About Dr. Judith Rodenbeck:
BA, Yale University. BFA, Massachusetts College of Art. MA, MPhil, PhD, Columbia University. Special interests in art since 1945 and its compositional strategies; intersections between modernist literature, philosophy, and the visual arts. Co-author and co-curator with Benjamin Buchloh of Experiments in the Everyday: Allan Kaprow and Robert Watts--events, objects, documents; contributor to catalogues for Work Ethic and Inside the Visible; author of articles for Grey Room, The Art Book, Documents, and P-Form. Recipient of fellowships, including Henry Luce Foundation/ACLS Fellowship in American Art and Columbia University Mellon Fellowship for Art History.
Working on and with Eigensinn – A new approach to Media | Art | Education
by Giaco Schiesser
Lecture, October 19
The lecture focuses on a media and art education in pace with the times, on the basis of a new approach: the conception of "Eigensinn" (approx.: wilful obstinacy) - a term that only exists in the German languages - of media and of artists is developed in detail in its richness and fixed as the crucial artistic and media productive force. Giving an insight in some central influences / demarcations/ transformations of different media explored and used by artists in Europe in the 20th century, it proposes that a forward-looking media art education in pace with the times could rest on three pillars:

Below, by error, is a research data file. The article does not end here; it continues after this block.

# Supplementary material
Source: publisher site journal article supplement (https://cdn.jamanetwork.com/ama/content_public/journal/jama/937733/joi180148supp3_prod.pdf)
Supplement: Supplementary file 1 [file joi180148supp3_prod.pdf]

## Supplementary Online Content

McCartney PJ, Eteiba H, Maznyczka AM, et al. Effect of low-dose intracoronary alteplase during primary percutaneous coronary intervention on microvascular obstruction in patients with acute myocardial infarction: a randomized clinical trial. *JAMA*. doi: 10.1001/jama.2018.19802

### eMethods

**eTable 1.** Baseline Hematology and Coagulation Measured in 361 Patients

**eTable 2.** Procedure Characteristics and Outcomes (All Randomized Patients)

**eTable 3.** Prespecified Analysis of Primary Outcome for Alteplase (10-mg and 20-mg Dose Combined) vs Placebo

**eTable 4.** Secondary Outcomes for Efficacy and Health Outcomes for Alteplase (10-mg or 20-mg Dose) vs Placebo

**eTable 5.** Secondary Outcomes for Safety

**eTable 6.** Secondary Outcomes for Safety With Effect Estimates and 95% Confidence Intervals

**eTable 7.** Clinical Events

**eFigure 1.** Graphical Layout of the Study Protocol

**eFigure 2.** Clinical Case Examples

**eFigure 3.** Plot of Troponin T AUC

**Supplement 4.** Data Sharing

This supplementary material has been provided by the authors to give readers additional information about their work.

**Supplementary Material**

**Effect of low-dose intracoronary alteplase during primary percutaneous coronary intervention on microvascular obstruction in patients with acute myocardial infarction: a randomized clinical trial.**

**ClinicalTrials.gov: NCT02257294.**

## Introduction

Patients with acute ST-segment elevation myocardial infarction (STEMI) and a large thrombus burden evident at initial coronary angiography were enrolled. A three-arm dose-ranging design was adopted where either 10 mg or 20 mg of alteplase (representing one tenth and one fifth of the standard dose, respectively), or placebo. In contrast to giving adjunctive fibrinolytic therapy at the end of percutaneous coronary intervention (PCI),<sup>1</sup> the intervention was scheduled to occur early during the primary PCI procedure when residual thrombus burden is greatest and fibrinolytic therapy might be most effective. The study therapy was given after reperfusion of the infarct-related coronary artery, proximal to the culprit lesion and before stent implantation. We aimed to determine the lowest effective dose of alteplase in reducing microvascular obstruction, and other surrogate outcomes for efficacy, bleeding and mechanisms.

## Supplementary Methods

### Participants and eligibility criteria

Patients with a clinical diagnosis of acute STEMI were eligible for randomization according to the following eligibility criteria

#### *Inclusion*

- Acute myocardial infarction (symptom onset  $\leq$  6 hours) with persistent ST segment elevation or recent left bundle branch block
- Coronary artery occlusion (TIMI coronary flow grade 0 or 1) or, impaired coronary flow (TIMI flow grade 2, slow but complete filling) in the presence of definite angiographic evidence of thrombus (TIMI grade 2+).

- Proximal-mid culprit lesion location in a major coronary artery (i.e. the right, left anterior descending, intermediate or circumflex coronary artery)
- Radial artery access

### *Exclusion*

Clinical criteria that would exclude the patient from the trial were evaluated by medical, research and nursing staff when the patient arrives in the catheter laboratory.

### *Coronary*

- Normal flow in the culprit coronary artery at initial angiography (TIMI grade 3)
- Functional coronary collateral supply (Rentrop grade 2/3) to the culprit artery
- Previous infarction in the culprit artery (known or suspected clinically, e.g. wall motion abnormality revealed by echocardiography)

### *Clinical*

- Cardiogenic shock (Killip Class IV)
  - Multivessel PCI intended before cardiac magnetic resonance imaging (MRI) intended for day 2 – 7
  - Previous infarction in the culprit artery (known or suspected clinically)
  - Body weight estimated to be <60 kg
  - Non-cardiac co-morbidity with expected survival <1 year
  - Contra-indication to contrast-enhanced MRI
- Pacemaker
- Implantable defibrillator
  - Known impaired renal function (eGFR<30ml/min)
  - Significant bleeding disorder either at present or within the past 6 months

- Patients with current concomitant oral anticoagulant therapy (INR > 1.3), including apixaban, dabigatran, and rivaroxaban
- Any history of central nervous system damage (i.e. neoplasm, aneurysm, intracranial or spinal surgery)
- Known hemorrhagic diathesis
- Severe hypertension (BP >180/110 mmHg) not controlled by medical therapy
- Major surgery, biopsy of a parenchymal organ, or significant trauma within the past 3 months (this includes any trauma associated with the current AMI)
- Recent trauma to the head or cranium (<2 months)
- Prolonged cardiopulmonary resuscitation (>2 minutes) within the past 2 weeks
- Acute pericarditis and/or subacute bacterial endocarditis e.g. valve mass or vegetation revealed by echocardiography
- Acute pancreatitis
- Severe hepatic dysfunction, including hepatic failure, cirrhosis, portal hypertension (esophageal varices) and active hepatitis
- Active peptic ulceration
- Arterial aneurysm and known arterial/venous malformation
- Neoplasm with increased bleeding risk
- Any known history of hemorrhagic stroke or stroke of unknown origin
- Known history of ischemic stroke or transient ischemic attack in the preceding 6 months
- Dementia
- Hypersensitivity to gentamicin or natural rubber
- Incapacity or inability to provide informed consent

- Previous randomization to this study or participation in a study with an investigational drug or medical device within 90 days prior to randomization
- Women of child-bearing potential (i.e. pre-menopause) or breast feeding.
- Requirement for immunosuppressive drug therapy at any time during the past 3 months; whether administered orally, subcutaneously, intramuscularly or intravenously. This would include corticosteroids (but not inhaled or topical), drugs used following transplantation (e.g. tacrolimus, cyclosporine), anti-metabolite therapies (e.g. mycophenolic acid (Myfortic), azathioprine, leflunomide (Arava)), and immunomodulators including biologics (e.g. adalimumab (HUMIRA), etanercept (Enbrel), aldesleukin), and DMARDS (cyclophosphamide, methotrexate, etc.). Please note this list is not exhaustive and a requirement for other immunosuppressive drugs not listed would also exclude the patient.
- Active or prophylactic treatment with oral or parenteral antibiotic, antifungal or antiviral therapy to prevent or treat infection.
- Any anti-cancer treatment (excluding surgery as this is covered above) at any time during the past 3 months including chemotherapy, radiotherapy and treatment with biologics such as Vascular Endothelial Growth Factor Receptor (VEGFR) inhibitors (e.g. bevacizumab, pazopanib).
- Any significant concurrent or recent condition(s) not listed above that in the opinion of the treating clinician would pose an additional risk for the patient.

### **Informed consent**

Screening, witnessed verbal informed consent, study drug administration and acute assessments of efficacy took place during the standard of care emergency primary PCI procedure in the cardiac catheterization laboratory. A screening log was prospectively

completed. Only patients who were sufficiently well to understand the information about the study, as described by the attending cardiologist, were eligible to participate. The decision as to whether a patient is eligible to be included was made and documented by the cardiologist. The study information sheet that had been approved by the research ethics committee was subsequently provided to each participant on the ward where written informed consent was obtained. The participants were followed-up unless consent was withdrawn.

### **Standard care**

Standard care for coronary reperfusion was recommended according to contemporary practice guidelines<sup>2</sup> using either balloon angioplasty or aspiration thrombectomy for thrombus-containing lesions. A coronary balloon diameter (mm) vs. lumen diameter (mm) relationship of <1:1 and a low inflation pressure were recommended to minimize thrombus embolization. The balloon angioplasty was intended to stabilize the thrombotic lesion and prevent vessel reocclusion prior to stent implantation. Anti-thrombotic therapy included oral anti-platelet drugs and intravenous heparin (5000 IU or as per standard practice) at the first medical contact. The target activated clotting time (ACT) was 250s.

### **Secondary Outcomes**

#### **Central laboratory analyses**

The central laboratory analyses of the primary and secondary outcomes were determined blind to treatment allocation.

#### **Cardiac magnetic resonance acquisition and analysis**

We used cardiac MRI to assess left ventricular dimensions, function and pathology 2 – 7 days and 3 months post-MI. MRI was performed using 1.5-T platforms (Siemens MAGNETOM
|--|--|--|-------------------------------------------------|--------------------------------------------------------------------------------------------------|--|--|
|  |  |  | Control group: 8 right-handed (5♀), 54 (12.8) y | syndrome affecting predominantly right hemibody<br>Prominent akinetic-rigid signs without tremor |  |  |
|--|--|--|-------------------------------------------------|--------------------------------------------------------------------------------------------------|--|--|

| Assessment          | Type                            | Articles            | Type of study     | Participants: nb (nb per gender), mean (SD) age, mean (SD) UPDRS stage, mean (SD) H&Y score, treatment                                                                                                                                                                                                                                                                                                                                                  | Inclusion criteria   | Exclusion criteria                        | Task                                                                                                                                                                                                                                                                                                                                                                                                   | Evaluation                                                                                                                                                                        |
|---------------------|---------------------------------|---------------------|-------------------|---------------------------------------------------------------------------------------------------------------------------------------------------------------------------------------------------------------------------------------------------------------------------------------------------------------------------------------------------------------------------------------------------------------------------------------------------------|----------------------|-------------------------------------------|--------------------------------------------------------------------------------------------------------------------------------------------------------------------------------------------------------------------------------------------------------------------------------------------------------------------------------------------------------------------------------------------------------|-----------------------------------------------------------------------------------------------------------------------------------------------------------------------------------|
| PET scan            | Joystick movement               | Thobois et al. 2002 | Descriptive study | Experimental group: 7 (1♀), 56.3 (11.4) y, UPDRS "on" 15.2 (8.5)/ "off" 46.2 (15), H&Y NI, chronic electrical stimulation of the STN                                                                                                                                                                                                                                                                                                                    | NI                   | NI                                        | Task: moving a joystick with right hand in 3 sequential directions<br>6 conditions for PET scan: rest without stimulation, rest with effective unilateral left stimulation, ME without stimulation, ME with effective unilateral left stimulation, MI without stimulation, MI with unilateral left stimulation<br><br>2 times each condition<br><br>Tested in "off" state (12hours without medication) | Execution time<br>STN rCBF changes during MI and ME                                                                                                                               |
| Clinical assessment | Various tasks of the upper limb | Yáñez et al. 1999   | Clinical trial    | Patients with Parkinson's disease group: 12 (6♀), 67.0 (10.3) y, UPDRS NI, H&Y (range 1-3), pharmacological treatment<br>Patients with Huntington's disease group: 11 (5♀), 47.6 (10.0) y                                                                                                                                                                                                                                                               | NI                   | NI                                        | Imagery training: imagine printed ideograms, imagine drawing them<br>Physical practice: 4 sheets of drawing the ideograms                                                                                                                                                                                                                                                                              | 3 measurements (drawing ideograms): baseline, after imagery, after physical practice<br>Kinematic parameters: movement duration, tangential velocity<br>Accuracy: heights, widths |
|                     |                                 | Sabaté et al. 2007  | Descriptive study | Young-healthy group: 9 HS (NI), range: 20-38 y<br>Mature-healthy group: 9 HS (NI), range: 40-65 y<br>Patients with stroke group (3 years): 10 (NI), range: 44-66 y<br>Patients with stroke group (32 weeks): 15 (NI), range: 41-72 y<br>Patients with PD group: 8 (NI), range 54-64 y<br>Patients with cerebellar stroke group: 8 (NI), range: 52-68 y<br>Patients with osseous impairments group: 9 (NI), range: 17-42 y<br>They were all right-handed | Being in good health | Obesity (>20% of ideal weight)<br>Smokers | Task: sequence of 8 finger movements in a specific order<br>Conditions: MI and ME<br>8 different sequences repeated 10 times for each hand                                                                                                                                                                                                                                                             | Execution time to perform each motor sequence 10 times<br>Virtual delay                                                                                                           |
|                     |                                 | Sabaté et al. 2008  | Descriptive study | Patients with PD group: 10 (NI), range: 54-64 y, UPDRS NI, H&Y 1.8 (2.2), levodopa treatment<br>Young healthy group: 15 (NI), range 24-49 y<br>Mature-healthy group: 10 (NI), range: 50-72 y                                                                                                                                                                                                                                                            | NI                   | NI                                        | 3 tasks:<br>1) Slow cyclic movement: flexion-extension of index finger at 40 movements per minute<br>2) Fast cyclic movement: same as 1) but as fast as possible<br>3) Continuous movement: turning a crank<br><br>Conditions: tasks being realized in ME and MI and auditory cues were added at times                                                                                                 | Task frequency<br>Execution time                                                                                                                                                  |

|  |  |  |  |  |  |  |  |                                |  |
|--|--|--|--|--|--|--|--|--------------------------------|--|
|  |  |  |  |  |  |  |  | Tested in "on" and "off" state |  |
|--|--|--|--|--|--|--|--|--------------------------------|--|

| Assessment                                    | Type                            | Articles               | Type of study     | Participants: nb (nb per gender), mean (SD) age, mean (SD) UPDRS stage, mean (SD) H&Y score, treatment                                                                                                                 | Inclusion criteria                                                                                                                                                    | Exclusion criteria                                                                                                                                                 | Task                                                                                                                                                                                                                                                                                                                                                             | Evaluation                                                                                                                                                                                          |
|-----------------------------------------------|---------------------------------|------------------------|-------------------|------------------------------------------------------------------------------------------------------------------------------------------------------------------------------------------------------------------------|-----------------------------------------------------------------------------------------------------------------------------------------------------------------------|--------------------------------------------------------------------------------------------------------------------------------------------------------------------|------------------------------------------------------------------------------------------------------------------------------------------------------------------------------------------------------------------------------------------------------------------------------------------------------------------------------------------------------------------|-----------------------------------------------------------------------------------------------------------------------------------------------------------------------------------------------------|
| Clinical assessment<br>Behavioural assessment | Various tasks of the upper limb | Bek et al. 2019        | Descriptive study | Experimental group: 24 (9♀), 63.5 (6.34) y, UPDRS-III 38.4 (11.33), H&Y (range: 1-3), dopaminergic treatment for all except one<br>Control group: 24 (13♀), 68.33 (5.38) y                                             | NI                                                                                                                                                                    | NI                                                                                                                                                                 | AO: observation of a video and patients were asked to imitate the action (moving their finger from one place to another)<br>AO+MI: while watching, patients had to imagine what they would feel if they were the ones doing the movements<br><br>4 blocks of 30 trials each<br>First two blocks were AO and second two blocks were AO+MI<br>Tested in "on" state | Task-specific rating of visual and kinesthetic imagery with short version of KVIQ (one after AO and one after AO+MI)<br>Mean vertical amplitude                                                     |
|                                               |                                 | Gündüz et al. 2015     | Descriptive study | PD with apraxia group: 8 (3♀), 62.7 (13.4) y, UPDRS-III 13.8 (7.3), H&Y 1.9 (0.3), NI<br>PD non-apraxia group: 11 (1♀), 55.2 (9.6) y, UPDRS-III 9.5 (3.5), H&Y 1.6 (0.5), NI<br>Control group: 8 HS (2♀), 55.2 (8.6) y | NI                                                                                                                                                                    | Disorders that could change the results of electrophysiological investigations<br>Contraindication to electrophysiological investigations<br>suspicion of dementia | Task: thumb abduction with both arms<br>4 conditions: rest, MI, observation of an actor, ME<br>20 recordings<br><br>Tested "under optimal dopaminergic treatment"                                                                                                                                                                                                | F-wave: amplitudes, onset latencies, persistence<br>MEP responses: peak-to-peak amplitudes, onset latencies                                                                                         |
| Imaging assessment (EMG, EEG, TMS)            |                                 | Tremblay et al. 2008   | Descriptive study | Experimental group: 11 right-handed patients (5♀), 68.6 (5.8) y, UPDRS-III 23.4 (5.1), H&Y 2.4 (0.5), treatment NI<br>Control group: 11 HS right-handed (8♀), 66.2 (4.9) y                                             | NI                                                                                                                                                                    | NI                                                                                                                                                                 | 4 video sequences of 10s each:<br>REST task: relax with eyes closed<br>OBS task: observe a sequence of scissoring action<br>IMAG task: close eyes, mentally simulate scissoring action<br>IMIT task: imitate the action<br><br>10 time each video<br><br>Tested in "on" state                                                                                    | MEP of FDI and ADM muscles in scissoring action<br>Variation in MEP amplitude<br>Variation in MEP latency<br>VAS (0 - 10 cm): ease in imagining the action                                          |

1. Training in individual, collective and collaborative "media authorship."
2. Working on and with the "Eigensinn of media" (e.g. film, photography, computers / networks and the fine arts).
3. "Art as process" / "art as technique." These three pillars are worked out and presented in detail.
Conversation with Giaco Schiesser, part 1
Conversation with Giaco Schiesser, part 2
conversation with Giaco Schiesser, part 3
Conversation with Giaco Schiesser, part4
Technologies for Interauthorship, A Lecture by Artur Matuck
October 4, 2005
As the computer enlarges its range of action, human expression has been increasingly shaped by collaborative systems of authorship. These systems can be defined as computer systems that attain autonomy or semi-autonomy in the structuring of complex signs.